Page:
Lynn asserts that the district court committed reversible error in specific conclusions of law or findings of fact, such as failing to find M.U.D. negligent and requiring Lynn's proof of actual notice to M.U.D. concerning the condition at the valve box. The record does not reflect such specificity by the district court as asserted by Lynn. Rather, in the words of the district court, a general "verdict for the Defendant is rendered on the Plaintiff's Petition." Neb. Rev.Stat. § 25-1127 (Reissue 1985) does provide a procedure in a law action whereby a party may request, and the court must specify, certain conclusions:

Upon the trial of questions of fact by the court, it shall not be necessary for the court to state its finding, except, generally, for the plaintiff or defendant, unless one of the parties request it, with a view of excepting to the decision of the court upon the questions of law involved in the trial; in which case the court shall state in writing the conclusions of fact found separately from the conclusions of law.

"The purpose of § 25-1127, requiring a trial court's separate statements regarding its findings of fact and conclusions of law, is to enable the parties to question the `rulings of the court upon legal questions involved.'" Fee v. Fee, 223 Neb. 128, 132, 388 N.W.2d 122, 125 (1986). The procedure for specific findings of fact and conclusions of law, authorized in § 25-1127, is available in actions brought under the Political Subdivisions Tort Claims Act. See Lindgren v. City of Gering, 206 Neb. 360, 292 N.W.2d 921 (1980). However, Lynn did not use the procedure authorized in § 25-1127, although such procedure was available in cases such as Lynn's action against M.U.D. Lynn's expressions about specificity in the district court's findings are only surmise.

A district court's factual findings in a case brought under the Political Subdivisions Tort Claims Act will not be set aside unless such findings are clearly incorrect. McGinn v. City of Omaha, 217 Neb. 579, 352 N.W.2d 545 (1984). See, also, Garreans v. City of Omaha, 216 Neb. 487, 345 N.W.2d 309 (1984).

In a bench trial of a law action, the court, as the "trier of fact," is the sole judge of the credibility of witnesses and the weight to be given their testimony. Among the factors entering into the trial court's resolution of any conflicts of evidence are such items as the respective interests of the parties in the litigation; the demeanor of witnesses, including the parties, while testifying before the court; the apparent fairness exhibited by witnesses; the extent to which testimony of various witnesses is corroborated; and the reasonableness or unreasonableness of testimony from the witnesses. See State v. Craig, 219 Neb. 70, 361 N.W.2d 206 (1985).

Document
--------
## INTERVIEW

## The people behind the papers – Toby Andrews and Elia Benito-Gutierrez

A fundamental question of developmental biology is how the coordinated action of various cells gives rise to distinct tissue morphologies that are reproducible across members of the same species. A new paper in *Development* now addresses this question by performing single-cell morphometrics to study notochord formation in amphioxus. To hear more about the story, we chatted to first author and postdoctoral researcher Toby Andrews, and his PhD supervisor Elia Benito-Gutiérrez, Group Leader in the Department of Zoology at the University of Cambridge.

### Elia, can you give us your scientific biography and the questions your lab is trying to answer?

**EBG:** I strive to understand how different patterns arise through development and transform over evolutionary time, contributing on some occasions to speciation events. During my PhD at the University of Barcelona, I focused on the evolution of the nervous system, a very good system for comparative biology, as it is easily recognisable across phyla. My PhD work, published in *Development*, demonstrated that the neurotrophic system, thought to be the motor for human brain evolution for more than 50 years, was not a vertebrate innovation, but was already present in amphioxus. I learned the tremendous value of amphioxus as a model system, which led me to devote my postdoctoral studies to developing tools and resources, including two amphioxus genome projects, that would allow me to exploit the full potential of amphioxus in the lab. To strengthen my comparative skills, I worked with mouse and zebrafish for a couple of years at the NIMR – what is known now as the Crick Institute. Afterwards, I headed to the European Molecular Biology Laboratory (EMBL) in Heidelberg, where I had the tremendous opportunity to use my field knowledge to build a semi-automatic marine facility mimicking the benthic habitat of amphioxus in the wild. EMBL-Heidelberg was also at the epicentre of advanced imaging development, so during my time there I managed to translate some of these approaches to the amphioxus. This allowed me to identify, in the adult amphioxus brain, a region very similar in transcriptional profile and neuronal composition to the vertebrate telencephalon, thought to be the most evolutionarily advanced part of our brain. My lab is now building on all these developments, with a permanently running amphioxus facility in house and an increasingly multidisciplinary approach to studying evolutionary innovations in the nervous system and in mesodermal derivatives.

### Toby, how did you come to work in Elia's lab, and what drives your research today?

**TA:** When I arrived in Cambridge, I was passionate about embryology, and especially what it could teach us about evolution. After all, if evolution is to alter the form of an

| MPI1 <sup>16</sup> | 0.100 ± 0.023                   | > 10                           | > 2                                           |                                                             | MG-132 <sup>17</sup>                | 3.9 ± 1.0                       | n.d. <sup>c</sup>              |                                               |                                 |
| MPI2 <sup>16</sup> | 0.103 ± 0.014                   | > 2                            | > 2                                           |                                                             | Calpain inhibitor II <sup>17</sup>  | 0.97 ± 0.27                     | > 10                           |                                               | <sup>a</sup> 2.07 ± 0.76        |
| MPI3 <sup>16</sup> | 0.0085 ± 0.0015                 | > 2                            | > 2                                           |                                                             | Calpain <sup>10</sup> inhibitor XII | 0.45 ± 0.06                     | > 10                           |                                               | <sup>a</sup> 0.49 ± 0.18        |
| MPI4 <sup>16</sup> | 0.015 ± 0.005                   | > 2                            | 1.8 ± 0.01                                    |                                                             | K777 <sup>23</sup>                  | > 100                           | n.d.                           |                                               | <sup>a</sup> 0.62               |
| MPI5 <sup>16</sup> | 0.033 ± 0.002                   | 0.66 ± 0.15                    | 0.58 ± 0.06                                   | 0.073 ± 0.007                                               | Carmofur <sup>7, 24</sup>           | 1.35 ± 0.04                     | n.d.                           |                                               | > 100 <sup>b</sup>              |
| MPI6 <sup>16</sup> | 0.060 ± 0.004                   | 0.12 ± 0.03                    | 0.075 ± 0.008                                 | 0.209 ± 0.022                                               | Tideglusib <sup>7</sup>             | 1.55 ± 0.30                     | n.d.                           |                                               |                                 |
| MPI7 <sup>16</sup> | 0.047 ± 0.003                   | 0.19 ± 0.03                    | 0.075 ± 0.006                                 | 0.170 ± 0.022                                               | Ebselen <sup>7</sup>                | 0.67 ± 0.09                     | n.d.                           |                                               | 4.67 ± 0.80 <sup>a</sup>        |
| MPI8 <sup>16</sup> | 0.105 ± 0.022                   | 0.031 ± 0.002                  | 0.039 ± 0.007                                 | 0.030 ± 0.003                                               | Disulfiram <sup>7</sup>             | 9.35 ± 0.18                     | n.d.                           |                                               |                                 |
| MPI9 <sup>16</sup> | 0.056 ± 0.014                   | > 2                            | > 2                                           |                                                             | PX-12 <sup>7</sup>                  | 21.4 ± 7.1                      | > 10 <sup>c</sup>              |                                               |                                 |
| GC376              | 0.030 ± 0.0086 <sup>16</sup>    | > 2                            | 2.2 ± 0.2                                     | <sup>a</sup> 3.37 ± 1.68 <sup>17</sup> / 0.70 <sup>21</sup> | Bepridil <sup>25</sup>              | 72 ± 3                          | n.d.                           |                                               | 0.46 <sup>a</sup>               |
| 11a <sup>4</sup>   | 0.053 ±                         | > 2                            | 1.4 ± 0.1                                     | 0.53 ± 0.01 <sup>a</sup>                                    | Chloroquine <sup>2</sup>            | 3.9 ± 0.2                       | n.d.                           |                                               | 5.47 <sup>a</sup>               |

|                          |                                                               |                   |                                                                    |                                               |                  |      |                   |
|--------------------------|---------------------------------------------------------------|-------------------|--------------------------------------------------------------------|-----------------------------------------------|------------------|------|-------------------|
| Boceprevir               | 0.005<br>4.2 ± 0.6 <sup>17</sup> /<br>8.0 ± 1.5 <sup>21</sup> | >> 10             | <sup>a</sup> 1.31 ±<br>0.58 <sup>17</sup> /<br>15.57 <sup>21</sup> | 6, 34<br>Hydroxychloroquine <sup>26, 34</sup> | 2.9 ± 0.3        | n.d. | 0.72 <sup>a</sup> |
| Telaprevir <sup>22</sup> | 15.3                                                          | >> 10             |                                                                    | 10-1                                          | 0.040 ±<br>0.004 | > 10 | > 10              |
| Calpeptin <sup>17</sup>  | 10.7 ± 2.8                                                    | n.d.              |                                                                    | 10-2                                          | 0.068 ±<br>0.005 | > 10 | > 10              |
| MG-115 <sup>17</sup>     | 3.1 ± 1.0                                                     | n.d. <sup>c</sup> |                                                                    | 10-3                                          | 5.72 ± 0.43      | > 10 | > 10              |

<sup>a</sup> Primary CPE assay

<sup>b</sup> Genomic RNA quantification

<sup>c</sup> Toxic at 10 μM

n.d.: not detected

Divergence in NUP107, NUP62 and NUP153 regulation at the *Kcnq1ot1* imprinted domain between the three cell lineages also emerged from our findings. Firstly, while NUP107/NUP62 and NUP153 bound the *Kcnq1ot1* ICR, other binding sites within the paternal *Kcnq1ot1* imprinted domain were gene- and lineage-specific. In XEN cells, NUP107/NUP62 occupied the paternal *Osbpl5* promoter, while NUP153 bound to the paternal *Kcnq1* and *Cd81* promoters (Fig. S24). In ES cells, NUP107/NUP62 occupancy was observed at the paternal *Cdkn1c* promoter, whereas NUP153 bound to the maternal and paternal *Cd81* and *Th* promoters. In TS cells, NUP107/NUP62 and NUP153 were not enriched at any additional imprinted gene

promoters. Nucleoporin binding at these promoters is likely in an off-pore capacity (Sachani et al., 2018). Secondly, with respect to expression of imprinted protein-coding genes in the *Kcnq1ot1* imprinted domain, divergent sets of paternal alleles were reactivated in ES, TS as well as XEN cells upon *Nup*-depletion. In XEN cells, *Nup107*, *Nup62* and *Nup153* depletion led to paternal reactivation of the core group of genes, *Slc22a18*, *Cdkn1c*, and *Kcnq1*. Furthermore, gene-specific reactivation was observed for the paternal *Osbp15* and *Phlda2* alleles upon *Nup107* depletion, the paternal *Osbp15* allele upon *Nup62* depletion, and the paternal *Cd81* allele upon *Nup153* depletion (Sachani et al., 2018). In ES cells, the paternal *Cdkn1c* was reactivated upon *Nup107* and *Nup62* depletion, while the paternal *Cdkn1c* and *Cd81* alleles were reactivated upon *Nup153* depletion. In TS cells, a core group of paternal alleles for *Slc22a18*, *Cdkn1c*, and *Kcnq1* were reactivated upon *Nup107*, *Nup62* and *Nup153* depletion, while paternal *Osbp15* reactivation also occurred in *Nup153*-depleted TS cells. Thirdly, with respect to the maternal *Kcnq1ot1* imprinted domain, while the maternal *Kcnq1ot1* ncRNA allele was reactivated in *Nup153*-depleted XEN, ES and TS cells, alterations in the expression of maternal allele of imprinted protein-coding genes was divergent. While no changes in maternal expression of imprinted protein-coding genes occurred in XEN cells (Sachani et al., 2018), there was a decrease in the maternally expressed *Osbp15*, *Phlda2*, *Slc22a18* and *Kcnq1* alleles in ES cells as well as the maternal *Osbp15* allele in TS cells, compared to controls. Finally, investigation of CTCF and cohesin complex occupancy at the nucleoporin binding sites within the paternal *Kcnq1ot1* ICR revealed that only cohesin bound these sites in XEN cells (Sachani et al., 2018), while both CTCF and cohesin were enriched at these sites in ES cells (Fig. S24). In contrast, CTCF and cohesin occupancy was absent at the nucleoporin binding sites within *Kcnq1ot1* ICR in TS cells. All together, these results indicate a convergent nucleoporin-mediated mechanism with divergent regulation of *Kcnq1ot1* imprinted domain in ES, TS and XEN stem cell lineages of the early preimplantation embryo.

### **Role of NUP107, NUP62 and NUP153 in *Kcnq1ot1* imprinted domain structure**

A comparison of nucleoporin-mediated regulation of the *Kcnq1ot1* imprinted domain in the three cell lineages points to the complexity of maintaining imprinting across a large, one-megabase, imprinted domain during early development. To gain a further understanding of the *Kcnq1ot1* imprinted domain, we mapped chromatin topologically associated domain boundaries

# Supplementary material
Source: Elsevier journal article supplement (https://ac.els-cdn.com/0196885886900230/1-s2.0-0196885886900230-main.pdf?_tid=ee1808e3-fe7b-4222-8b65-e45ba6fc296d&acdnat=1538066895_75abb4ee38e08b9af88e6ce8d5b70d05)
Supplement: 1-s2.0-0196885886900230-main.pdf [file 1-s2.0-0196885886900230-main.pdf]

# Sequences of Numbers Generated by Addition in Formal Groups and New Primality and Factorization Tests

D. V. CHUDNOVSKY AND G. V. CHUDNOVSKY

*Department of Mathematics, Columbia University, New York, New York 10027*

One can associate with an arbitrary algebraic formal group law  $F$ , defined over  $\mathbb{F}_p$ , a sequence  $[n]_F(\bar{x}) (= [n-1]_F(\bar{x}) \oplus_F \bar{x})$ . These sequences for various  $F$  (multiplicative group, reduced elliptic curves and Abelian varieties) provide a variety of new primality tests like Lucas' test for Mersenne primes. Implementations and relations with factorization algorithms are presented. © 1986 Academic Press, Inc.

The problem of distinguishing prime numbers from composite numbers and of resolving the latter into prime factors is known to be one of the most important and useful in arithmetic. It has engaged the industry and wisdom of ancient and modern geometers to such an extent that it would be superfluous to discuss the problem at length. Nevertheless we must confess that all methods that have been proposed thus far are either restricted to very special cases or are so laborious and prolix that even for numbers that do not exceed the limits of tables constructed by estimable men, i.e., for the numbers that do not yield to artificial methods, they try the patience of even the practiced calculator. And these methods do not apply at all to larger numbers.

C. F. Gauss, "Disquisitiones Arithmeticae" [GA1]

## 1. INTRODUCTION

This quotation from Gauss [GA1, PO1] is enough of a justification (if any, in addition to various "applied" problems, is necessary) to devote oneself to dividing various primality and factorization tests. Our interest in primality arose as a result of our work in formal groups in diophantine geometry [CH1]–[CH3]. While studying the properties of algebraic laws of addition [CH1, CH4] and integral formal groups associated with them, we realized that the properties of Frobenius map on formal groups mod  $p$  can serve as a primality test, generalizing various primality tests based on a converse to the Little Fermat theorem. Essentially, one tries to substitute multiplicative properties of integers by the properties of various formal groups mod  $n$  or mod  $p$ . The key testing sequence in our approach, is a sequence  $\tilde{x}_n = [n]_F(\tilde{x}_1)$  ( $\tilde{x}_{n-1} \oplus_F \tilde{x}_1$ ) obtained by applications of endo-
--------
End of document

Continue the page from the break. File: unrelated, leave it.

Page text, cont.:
*339 In reviewing a judgment awarded in a bench trial, the Supreme Court does not reweigh evidence but considers the judgment in a light most favorable to the successful party and resolves evidentiary conflicts in favor of the successful party, who is entitled to every reasonable inference deducible from the evidence. [Citations omitted.]

Alliance Nat. Bank v. State Surety Co., 223 Neb. 403, 404, 390 N.W.2d 487, 489 (1986).

In the face of the defense of contributory negligence and to recover on her claim against M.U.D., Lynn must prove M.U.D.'s negligence and must be free from contributory negligence more than slight in comparison to M.U.D.'s negligence. See Neb.Rev.Stat. § 25-21,185 (Reissue 1985) (contributory negligence; comparative negligence). See, also, Teegerstrom v. H.J. Jeffries Truck Line, 216 Neb. 917, 346 N.W.2d 411 (1984).

To dispose of Lynn's appeal, we must determine whether, based on the issues presented, there is support for the district court's judgment. In that regard, we proceed on the hypothesis that Lynn had established all facts necessary to prove M.U. D.'s negligence as specifically alleged in her petition. When Lynn proved M.U.D.'s negligent conduct, the burden shifted to M.U.D. to prove one of its alleged defenses, either Lynn's contributory negligence or assumption of risk on the part of Lynn. Contributory negligence is an affirmative defense which must be proved by the party asserting such defense. See Foland v. Malander, 222 Neb. 1, 381 N.W.2d 914 (1986).

In Mercer v. Omaha & C.B. Street R. Co., 108 Neb. 532, 535, 188 N.W. 296, 297 (1922), this court stated: "It is the settled law of this state that the general public has the right to the use of a public street and every part thereof...."

A pedestrian's right to ambulation on a public street, however, is not absolute. A pedestrian on a public thoroughfare must exercise the degree of care that an ordinarily prudent person would exercise under similar circumstances. See, Seitter v. City of St. Joseph, 358 S.W.2d 263 (Mo. App.1962); Thomas v. City of Devils Lake, 143 N.W.2d 718 (N.D.1966); Engman v. City of Des Moines, 255 Iowa 1039, 125 N.W.2d 235 (1963).